Consumer Trends and HR Technology

When we asked global participants in our recent Employment Value Proposition survey whether their HR technology makes life easier by providing access to relevant information to help employees manage their career, the response was a dismal 13%. About one in 10 companies believes HR technology is truly making life easier for employees, and that is a problem, because employees have high expectations for the technology they use.

hcm technologyWhen it comes down to technology selection, there are a wide variety of inputs that help to drive the decision. Some of them are very specific, revolving around cultural or business-oriented requirements. Others are larger in scope, affecting virtually every company that is evaluating technology. The two global trends that are having the greatest impact on technology selection today are consumer-driven demands and personalized recommendations.

Consumer-Driven Technology Demands

The release of the first iPhone in 2007 was a leap forward in delivering a delightful user experience. Since then we’ve seen an increased number of companies focusing on usability as a key driver of selection decisions. The apps, video content, and social capabilities of the smartphone era have enabled users to be more productive. These tools enable users to achieve more in less time, helping them to fully realize the value of technology like never before.

And now those expectations extend to workplace technology as well. Your employees are accustomed to personal computing experiences that are intuitive, engaging, and user-friendly. They now expect their work environment to provide technology of the same quality and fidelity, whether mobile or desktop.

Personalized Recommendations

Users have become ac­customed to visiting Amazon and other online retailers for their shopping needs, and one thing these stores do very well is offering personalized recommendations based on browsing history, previous purchases, and other online activity. Bought a purse? They will offer you a similar one, or a complemen­tary item. Purchased a food item? The site can help give you recommendations based on what other similar us­ers liked.

This concept applies to talent technology in the form of guided experiences. Employees appreciate hav­ing a personalized experience with technology without it feeling too scripted or forced. The benefit here for business leaders is less time spent walking users through the software or tailoring it to each individual’s needs. It’s a win-win for both parties and helps to keep users engaged.

The Technology Outlook

When we look at satisfaction ratings for technology, whether learning, talent, or HR, we see a definite trend. Companies are not particularly happy with their existing technology. Just 19% of organizations say they are very satisfied with the quality of their overall technology environment, according to the 2015 Brandon Hall Group EVP study.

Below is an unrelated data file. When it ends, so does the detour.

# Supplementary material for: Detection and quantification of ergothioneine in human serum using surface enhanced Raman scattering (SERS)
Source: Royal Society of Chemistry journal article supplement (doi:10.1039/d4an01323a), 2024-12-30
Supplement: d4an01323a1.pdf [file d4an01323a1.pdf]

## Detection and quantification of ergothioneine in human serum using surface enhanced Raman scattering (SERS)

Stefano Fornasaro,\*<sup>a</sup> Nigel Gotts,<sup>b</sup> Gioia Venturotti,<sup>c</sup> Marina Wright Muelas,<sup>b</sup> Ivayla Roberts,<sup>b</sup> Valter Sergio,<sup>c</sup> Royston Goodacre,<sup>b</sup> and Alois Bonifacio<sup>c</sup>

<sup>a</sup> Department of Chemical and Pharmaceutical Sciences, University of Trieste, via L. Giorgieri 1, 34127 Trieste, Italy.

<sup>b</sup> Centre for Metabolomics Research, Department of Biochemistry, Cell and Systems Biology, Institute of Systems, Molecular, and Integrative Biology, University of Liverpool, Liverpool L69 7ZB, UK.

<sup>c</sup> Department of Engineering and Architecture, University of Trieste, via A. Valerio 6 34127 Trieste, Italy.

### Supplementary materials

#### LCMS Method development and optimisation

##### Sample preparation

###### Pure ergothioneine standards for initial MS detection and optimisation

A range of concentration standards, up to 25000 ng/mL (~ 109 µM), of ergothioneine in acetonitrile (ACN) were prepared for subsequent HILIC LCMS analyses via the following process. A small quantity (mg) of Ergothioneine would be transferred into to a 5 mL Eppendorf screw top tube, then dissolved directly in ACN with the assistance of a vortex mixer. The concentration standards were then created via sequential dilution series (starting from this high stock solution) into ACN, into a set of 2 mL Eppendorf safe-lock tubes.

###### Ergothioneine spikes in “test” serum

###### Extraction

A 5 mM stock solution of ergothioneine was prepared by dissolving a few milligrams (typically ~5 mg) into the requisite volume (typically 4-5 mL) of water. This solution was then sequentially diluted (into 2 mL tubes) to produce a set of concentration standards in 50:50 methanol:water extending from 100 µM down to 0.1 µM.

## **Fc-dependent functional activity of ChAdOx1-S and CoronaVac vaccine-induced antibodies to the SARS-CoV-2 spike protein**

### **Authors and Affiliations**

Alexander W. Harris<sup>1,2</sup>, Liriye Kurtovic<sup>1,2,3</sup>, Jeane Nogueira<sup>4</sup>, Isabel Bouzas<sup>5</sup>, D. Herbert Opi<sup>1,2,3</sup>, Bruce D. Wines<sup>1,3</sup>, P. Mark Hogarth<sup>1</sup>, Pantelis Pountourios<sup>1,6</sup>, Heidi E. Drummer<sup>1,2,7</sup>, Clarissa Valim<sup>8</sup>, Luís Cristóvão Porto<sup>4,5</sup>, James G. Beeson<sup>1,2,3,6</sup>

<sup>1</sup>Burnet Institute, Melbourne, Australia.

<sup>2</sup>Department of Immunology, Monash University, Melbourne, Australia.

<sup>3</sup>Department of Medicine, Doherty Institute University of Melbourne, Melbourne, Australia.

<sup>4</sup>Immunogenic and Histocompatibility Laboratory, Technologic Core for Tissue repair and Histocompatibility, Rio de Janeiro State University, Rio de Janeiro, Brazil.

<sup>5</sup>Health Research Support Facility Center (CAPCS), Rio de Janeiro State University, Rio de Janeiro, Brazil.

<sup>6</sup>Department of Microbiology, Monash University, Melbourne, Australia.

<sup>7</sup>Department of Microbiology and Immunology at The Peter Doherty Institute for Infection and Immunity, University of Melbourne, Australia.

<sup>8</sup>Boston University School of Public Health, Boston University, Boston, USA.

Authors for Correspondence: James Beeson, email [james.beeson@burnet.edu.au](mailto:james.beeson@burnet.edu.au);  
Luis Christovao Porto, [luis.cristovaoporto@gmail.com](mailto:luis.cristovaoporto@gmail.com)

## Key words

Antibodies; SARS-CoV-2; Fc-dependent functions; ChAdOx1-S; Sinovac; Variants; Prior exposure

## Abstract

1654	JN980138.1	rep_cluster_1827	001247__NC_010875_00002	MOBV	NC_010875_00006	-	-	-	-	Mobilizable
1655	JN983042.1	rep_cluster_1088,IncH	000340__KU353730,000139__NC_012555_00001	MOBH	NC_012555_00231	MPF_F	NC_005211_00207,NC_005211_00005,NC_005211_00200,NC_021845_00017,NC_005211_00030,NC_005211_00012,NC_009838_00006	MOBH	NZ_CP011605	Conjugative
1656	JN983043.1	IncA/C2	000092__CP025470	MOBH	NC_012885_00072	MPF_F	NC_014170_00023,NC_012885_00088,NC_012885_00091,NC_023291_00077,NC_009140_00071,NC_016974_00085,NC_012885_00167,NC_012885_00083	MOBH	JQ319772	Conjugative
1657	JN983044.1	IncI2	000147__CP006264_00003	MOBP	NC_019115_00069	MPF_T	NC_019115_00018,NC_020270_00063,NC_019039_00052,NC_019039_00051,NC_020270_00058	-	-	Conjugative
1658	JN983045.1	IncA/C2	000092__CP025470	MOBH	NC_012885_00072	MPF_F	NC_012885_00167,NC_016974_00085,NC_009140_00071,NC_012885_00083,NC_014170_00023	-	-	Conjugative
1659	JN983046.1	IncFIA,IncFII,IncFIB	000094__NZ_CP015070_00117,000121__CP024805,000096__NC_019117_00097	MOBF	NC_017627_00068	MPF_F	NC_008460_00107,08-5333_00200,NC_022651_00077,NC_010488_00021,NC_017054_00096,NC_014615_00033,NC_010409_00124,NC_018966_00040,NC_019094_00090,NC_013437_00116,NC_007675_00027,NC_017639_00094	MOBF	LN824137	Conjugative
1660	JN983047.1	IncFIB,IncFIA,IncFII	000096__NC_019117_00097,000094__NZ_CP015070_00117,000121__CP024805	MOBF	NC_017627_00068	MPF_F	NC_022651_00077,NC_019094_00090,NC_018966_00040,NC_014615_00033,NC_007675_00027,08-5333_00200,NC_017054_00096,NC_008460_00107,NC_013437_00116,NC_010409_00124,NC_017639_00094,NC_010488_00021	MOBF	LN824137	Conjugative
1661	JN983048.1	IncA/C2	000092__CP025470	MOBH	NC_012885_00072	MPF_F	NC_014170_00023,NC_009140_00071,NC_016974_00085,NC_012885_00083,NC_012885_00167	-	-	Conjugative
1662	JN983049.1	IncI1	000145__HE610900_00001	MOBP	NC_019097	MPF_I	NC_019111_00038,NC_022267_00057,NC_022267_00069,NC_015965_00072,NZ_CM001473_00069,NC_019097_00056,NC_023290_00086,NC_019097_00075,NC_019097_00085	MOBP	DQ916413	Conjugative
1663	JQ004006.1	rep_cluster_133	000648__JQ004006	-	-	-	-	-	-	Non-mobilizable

It’s time to look at your technology options not just as a means to an end, but as a method for engaging your workforce through multiple touchpoints on a regular basis. From the applicant tracking system, onboarding tools, and performance management platform to something as mundane as an address change, you have the opportunity to create a great experience for your employees with your technology.

Consider your existing HCM technology. Would you say it provides an engaging experience for employees? Why or why not?

Technology is everywhere in the workplace today, but one of the biggest problems for many companies is integrating the various systems they have. If you have a favorite performance management system and want that to feed into your company’s learning management system so you aren’t duplicating entries and potentially messing up data, good luck. That’s a big reason why so many organizations go with suite providers (companies that offer multiple modules–performance, compensation, learning, talent acquisition, etc.) I had the thought recently just how absurd this would be in the real world, and that was the foundation for this post.

hr technology integrationA human example of technology incompatibility

There are ten people sitting in a room working furiously. Nobody speaks to each other.

When a business problem arises, each person has a different solution, because each only has a piece of the overall story.

Oh, and each person has a different method/preference for interacting.

  • Bob only accepts conversations in batches between 2:00 and 3:00am on weekends so as not to interrupt other activities.
  • Anything you say to Mary will immediately overwrite what others have said to her on the same topic.
  • Charles only speaks a rare language that requires a $150/hr interpreter to translate.
  • 30% of what you tell Floyd is immediately forgotten and requires you to re-tell him again.
  • When you ask Carrie to look something up it takes her half an hour and what she finds is completely irrelevant.
  • Nobody ever interacts with Jamie and nobody is sure why he is there, but then again nobody has ever dared to ask.

There are consultants for hire whose sole job is to attempt to help each system to talk with one another. It takes forever and costs a lot of money, and even when it works you’re mostly disappointed.

————–

See how crazy this analogy is? We wouldn’t let this happen with people in the workplace, but with technology this is unfortunately an all-too-common story. We have all of these amazing technologies that help us to do things in more efficient ways than ever before, but the whole integration thing is holding us back.

I’d love to hear from some of you that have different technologies in the workplace that need to “talk” with each other. How were you able to solve the problem? Or do you just work around the issue instead of addressing it, because it is easier in the short term?